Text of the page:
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There are islands that lie outside the boundaries of the Polynesian Triangle, especially those ranging along the coast of the Asian mainland. They were once remote and mysterious but many of these isles today are recognizable as scenes of intense fighting during World War II.  Among them are: Guadalcanal, Saipan, Iwo Jima, and the Philippines.  These battlegrounds have entered the annals of Western history but not much attention goes to the displacement suffered by those who had called these islands home.

James Michener contributed to some wider awareness with this area.   He was stationed as a naval officer in the vicinity of the Solomon Islands.  When in 1946 he published his first book of stories, Tales of the South Pacific, it won a Pulitzer Prize and inspired Rodgers and Hammerstein to write their classic Broadway musical South Pacific.  The movie premiered in 1958 and was remade for TV in 2001.  The important undercurrent in this film dealt with the mixing of the races, an inevitable outcome of a huge military presence in this part of the Pacific. The backdrop for Michener’s stories focused on preparations for the Allied assault on Japan.  Movies associated with the sea battles and island invasions in this time will be found in a later addition of MovieJourneys.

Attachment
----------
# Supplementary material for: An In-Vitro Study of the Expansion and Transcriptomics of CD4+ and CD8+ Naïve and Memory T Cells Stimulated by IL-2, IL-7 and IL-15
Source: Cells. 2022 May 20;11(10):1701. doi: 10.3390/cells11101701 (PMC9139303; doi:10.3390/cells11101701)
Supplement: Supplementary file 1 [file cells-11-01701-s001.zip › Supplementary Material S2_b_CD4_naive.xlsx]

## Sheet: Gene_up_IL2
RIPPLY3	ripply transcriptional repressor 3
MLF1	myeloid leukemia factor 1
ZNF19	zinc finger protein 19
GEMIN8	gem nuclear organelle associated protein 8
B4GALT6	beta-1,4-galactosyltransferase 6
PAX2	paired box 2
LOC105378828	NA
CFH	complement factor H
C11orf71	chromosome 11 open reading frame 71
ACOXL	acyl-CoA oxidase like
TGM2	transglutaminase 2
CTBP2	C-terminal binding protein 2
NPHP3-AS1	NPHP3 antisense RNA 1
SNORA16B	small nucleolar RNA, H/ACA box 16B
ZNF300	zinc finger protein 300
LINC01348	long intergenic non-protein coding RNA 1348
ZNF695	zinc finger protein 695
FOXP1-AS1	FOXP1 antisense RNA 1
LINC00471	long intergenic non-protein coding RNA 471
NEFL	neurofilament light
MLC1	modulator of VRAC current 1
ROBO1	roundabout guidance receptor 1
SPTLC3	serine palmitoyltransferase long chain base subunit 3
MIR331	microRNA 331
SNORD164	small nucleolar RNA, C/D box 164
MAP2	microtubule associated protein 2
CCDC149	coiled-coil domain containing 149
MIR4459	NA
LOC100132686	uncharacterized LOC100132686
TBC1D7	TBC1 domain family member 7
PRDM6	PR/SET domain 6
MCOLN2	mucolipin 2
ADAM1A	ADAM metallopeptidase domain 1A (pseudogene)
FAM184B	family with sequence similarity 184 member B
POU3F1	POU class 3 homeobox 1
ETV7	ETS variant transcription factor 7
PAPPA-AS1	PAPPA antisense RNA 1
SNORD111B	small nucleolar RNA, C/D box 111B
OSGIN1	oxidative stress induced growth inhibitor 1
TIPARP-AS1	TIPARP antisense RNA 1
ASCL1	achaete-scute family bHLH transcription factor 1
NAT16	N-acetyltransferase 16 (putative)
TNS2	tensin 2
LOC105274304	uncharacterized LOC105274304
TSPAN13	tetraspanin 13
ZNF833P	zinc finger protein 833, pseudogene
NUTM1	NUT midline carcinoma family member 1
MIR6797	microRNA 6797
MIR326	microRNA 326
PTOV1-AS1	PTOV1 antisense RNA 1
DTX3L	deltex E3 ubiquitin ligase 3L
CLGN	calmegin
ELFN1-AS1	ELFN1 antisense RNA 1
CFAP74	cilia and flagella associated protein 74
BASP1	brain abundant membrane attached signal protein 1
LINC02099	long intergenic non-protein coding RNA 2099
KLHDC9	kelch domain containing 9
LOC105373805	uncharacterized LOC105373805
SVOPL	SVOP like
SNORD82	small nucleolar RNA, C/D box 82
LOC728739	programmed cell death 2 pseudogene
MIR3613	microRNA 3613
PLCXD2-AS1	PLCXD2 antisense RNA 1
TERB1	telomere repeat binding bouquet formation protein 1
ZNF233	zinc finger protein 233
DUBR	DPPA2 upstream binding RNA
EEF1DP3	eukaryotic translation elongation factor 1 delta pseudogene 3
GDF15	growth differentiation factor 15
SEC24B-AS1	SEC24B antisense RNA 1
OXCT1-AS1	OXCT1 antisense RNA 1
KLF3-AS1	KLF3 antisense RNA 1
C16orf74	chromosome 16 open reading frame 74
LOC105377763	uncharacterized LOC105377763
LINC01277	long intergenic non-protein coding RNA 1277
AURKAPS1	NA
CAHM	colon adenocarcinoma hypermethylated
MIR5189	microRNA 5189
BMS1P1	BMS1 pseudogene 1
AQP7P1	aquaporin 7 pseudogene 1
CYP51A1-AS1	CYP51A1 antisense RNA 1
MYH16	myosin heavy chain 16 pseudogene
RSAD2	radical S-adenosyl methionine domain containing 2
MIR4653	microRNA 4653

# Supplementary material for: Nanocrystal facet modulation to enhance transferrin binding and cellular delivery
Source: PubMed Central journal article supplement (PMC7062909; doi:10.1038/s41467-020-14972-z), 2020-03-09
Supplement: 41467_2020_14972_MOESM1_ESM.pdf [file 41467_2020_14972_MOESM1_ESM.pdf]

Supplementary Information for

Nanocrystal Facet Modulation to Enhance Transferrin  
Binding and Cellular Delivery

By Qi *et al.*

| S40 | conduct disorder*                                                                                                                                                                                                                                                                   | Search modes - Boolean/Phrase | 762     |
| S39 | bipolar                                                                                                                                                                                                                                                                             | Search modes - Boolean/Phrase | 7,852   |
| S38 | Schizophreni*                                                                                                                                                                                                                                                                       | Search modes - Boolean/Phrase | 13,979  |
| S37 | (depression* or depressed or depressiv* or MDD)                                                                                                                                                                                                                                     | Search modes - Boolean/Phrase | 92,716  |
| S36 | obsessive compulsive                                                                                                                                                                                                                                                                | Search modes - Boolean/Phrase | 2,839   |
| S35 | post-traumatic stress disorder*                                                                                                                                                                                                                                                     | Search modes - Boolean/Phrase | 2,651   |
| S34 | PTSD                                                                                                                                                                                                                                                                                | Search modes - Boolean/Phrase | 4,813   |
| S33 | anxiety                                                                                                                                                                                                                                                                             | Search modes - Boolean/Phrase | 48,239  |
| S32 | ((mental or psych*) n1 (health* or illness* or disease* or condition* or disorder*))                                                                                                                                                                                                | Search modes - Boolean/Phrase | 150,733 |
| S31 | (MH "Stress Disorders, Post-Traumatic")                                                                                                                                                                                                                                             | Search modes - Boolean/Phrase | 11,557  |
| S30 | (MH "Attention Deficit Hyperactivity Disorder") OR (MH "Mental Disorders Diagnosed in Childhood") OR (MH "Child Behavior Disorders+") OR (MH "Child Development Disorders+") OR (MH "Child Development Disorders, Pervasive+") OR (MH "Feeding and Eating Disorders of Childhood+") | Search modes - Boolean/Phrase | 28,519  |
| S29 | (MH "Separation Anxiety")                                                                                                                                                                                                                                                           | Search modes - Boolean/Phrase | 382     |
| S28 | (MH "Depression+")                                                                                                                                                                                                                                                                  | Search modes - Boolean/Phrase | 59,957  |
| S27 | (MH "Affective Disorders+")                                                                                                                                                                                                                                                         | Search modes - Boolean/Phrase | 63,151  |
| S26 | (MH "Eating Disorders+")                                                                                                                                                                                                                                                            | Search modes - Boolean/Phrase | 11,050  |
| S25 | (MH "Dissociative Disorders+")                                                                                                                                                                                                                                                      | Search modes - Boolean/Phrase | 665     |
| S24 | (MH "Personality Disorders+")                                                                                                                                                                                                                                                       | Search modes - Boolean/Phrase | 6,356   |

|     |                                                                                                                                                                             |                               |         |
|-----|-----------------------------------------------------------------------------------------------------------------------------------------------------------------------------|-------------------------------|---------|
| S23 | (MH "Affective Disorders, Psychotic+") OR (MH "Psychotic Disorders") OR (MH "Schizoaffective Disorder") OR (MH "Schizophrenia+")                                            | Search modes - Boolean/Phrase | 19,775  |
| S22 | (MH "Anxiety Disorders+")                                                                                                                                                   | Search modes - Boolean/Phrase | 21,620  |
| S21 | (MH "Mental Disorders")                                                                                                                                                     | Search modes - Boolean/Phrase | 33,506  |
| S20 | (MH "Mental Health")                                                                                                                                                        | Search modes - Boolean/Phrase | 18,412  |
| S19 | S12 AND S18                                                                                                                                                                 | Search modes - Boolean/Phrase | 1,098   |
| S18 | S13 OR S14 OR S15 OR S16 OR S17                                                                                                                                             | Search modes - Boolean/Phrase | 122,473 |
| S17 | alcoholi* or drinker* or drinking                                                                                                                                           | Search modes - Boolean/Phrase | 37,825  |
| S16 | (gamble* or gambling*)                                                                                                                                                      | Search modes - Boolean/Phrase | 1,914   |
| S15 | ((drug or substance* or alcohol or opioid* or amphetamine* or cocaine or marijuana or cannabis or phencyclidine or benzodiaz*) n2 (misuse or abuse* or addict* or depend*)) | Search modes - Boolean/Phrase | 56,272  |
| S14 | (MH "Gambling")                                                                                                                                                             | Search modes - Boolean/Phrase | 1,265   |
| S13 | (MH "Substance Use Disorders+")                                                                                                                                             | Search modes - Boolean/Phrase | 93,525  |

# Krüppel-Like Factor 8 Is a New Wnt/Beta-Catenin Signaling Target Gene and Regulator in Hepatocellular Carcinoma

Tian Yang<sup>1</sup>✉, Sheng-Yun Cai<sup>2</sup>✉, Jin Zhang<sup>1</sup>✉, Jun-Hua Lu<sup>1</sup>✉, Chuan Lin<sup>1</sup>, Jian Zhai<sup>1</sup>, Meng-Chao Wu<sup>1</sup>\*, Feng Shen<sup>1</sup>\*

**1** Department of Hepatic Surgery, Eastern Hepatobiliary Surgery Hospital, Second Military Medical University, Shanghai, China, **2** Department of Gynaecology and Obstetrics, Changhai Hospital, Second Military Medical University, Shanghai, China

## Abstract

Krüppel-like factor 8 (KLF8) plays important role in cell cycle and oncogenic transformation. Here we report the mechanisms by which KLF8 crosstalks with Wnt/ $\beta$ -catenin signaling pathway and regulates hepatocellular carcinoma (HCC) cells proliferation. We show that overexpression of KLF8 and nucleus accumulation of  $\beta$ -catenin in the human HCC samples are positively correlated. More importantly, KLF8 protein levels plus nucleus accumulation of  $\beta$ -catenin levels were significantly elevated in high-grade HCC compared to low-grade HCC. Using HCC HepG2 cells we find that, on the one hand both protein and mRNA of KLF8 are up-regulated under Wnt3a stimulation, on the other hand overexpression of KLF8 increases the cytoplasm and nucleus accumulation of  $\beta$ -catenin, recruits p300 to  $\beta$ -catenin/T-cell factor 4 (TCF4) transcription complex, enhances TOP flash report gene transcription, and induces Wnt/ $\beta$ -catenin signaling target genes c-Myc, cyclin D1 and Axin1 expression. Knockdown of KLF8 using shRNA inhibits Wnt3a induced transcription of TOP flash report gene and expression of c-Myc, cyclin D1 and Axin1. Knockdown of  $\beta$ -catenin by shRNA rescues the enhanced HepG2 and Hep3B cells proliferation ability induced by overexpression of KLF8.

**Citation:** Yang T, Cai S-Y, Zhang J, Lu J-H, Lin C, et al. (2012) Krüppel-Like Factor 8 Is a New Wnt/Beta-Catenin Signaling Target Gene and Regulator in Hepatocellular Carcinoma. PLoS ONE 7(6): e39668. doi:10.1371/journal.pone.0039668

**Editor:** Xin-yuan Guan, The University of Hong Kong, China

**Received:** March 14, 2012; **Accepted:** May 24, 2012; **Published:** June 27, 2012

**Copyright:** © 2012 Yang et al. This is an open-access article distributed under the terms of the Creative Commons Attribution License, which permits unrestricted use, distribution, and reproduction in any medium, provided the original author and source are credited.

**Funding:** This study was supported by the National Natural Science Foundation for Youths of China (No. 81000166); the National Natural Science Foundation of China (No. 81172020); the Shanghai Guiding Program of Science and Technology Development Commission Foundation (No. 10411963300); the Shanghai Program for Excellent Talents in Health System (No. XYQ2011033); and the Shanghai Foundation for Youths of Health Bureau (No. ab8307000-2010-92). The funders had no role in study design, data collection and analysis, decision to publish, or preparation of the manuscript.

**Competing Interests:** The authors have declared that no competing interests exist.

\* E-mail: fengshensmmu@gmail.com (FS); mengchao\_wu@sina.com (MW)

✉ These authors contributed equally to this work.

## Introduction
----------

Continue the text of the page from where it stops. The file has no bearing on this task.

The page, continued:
Further to the south of this island group is the area called Melanesia. These isles are adjacent to Papua New Guinea, which even today inspires fear and curiosity about wild men, strange rites, “stone age tribes,” and cannibalism.  Instances of the most disturbing of these practices have been documented well into the 20th century.  Even so, this is only the most lurid and infrequent aspect of a people who, like so many others around the globe, struggle to adapt to the realities of change. It seems that what movies do best in our times is bring the remotest of times and places into the light. The best and worst of our proclivities for cruelty and kindness are on view for all to see.

Because New Guinea and neighboring isles, along with certain locales in Polynesia such as New Zealand and the Marquesas, have been given sensational reputations for cannibalism in the days of the sailing ships, I have here included my blog called “Hannibalism: Men Behaving like Animals.” It is meant to demonstrate that there are no families or societies among us that can deny a few well-gnawed skeletons lying at the roots of their family trees.


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